“We did everything we were supposed to do, figure out how to keep our staff employed, pivoted to 100% take-out and put our entire menu online,” said Brian Treitman, owner of BT’s Smokehouse in Sturbridge and BT’s Fried Chicken & BBQ in Worcester, which received no relief funds. He said many restaurants that chose to close entirely received help paying their loans and mortgages through other federal programs and because they didn’t have to pay salaries or buy food. food, they weren’t going into debt as deeply as those trying to stay open. to support their staff.

“Yeah, they may have lost personal income, but if they qualify for more than $1 million in RRF, they’re now going to be open and making money like before,” Treitman said. “That money will just stay in their bank account and be backed up; meanwhile, there are all those other restaurants where just a little would help.

Now the restaurants – both the haves and the have-nots – try to regroup again to fill the fund coffers.

In June, a bipartisan group of lawmakers in Congress introduces the Restaurant Revitalization Fund Replenishment Act of 2021, which would add $60 billion to the fund. And last month, a Republican lawmaker introduced the ENTRY law. This plan would also add an additional $60 billion to the industry, but those billions would be drawn from unspent dollars allocated for economic disaster loans and state and local funds from President Biden’s U.S. bailout.

They would also be distributed on a first-come, first-served basis, circumventing the legal issues that arose after white business owners affiliated themselves with right-wing groups have challenged the racial and gender priority system created to help make the distribution of funds fairer, forcing 3,000 minority business owners and women who have been approved for loans to revoke them.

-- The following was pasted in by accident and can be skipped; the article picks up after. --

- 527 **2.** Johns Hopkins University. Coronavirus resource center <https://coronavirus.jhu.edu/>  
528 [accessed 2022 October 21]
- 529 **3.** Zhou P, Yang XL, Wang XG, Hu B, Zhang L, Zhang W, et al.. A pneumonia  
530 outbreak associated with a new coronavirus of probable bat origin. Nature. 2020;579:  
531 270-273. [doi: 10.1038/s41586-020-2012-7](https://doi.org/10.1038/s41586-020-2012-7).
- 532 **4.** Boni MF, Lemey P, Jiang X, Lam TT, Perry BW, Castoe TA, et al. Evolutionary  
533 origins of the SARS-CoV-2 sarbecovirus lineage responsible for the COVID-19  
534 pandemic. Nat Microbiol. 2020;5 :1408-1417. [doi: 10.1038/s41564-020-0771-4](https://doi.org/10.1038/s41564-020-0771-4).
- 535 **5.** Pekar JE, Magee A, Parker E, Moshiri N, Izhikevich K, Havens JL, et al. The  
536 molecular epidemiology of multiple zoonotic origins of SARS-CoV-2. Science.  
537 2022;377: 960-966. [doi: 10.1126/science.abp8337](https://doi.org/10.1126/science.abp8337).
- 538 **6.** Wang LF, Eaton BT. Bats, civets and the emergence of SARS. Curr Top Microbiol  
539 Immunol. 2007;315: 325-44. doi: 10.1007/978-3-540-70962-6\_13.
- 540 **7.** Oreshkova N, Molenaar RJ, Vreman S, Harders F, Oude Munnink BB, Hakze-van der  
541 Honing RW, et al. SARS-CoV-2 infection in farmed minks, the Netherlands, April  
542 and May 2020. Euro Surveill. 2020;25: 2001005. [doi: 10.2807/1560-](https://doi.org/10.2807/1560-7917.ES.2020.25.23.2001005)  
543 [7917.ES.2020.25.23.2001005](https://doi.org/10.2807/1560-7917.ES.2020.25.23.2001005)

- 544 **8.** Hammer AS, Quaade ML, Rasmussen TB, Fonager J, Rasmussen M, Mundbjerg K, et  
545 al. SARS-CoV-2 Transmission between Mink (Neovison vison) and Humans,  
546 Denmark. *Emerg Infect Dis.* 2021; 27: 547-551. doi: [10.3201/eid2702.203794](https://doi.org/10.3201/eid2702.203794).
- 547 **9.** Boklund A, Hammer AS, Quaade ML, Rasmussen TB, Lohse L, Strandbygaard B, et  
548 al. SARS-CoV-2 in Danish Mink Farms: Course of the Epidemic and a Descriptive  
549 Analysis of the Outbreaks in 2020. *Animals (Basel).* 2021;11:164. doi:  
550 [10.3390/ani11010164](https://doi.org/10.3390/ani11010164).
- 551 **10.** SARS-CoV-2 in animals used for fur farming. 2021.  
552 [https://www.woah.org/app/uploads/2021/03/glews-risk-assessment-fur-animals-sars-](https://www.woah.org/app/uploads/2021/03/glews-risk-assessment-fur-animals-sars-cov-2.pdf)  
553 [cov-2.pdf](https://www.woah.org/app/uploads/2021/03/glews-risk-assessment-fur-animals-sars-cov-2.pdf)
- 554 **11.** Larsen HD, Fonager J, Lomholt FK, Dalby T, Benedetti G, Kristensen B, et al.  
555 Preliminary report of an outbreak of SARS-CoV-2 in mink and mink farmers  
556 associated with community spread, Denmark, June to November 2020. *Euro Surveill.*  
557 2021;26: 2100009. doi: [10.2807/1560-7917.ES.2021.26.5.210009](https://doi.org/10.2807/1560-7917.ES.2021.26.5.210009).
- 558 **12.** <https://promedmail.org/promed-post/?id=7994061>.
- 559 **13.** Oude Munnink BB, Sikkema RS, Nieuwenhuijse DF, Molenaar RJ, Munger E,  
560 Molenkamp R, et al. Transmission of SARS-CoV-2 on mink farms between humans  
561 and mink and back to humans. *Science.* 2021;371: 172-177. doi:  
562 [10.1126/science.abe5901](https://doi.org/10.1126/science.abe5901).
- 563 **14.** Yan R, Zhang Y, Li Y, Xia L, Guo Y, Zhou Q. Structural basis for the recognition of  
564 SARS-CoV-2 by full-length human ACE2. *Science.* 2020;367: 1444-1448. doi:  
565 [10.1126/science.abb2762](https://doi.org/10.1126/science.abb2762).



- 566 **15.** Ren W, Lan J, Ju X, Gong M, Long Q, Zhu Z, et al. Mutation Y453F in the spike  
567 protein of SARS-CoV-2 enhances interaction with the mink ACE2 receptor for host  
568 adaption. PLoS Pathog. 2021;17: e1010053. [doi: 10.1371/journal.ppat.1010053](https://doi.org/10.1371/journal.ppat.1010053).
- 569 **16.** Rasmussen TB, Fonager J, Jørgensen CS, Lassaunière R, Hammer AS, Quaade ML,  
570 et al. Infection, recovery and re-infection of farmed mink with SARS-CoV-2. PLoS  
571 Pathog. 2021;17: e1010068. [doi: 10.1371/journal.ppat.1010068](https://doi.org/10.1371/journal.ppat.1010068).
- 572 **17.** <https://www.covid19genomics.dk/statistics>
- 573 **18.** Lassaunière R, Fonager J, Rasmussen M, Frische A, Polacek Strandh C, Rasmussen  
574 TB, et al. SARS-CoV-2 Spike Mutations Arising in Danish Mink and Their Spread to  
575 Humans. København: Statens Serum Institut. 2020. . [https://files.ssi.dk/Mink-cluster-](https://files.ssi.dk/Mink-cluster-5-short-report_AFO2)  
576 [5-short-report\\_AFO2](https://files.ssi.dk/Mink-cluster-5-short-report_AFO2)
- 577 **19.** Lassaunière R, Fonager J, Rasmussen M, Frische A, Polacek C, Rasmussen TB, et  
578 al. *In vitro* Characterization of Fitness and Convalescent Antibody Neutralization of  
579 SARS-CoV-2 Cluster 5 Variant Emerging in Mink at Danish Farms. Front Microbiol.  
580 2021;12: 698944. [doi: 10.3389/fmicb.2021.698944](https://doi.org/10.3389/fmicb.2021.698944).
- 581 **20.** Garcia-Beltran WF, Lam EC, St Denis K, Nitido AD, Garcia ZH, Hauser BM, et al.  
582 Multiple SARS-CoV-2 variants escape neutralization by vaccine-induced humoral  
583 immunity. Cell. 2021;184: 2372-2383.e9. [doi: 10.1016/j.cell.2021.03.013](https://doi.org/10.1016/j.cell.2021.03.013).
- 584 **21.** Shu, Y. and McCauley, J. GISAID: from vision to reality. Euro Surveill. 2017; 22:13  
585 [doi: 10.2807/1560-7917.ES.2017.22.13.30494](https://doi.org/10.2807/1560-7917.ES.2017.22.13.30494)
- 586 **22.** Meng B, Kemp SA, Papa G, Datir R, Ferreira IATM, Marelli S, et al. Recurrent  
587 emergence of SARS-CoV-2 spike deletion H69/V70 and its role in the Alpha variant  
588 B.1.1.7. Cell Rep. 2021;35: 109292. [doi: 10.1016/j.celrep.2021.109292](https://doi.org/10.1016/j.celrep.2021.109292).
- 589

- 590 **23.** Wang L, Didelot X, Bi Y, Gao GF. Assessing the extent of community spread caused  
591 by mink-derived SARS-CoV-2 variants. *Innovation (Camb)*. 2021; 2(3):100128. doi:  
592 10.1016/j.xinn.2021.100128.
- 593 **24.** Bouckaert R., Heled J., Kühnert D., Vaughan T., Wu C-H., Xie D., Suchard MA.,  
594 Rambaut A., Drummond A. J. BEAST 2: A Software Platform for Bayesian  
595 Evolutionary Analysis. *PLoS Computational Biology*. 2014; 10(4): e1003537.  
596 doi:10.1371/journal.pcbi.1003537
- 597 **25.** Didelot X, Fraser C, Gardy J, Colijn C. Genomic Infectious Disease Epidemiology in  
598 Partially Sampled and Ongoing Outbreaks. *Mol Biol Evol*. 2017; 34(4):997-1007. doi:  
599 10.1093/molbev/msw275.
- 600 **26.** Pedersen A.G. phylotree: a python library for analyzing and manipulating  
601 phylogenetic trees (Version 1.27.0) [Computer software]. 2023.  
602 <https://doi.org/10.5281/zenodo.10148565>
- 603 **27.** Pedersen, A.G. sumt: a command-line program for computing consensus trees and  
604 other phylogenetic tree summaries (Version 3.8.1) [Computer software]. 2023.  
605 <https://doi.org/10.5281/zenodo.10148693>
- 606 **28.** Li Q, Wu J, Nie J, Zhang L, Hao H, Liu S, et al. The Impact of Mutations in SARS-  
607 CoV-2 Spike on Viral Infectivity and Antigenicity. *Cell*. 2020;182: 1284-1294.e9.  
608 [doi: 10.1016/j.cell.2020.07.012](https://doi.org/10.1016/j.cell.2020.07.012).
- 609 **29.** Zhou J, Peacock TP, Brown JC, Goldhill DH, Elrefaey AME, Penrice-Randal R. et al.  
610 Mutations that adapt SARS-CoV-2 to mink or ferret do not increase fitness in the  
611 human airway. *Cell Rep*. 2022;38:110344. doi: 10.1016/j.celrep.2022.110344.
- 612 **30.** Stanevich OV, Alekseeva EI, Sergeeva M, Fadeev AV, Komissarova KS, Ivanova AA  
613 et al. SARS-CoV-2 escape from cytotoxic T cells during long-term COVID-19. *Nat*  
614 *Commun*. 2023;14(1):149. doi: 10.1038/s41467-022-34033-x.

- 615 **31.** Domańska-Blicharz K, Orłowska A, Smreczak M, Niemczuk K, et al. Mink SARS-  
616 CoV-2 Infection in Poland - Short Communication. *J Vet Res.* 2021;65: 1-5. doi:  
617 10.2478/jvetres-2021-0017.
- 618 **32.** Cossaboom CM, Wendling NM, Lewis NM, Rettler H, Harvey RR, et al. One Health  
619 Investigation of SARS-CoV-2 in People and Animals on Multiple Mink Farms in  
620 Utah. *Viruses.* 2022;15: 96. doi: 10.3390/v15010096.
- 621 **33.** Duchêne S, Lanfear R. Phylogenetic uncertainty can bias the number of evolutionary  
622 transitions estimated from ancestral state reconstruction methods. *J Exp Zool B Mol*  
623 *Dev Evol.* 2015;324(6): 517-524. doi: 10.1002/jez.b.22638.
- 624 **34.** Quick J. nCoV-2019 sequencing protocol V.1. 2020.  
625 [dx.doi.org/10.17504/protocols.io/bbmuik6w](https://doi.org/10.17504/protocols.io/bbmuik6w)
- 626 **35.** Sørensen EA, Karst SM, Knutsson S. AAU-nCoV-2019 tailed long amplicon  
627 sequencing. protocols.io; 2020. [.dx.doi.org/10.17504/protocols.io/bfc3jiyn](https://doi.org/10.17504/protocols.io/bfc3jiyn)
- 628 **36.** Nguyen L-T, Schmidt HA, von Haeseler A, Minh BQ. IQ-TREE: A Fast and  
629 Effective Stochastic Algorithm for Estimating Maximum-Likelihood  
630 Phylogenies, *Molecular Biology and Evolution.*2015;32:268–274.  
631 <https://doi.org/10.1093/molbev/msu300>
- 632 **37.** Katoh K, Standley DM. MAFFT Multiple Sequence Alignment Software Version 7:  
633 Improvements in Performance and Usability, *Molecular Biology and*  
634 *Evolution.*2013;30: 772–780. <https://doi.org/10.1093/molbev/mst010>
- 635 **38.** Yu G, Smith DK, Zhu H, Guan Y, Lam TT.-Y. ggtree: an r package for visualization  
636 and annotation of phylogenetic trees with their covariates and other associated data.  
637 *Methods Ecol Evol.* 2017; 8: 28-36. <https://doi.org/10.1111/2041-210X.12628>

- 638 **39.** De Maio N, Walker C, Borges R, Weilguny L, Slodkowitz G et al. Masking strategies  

A program that its proponents intended to be inclusive turned out to be far more divisive than expected. And really, fairness is what everyone hopes for, said Jen Ziskin, co-owner of J&J Restaurant Group and head of the local chapter of Let’s talk about womena network of women restaurateurs.

Ziskin feels RRF’s challenges from every angle: One of his restaurants, Heritage of Sherborn, had such sales last year because of its outdoor patio that it didn’t even qualify for subsidies. His new restaurant, Punch Bowl, was not approved and is still in limbo. But La Morra in Brookline saw sales drop 70%. The $400,000 in RRF funds she received there will be a huge help, Ziskin said, especially as she contemplates the surge in COVID-19 cases due to the Delta variant and what she could portend for indoor dining in the coming months.

Now she just wants that same help to distribute to everyone.

“This fund is a lifeline,” she said. “There has to be a way for it to be fair and distributed to everyone who needs it.”

Janelle Nanos can be reached at [email protected] Follow her on Twitter @janellenanos.

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Cecil N. Messick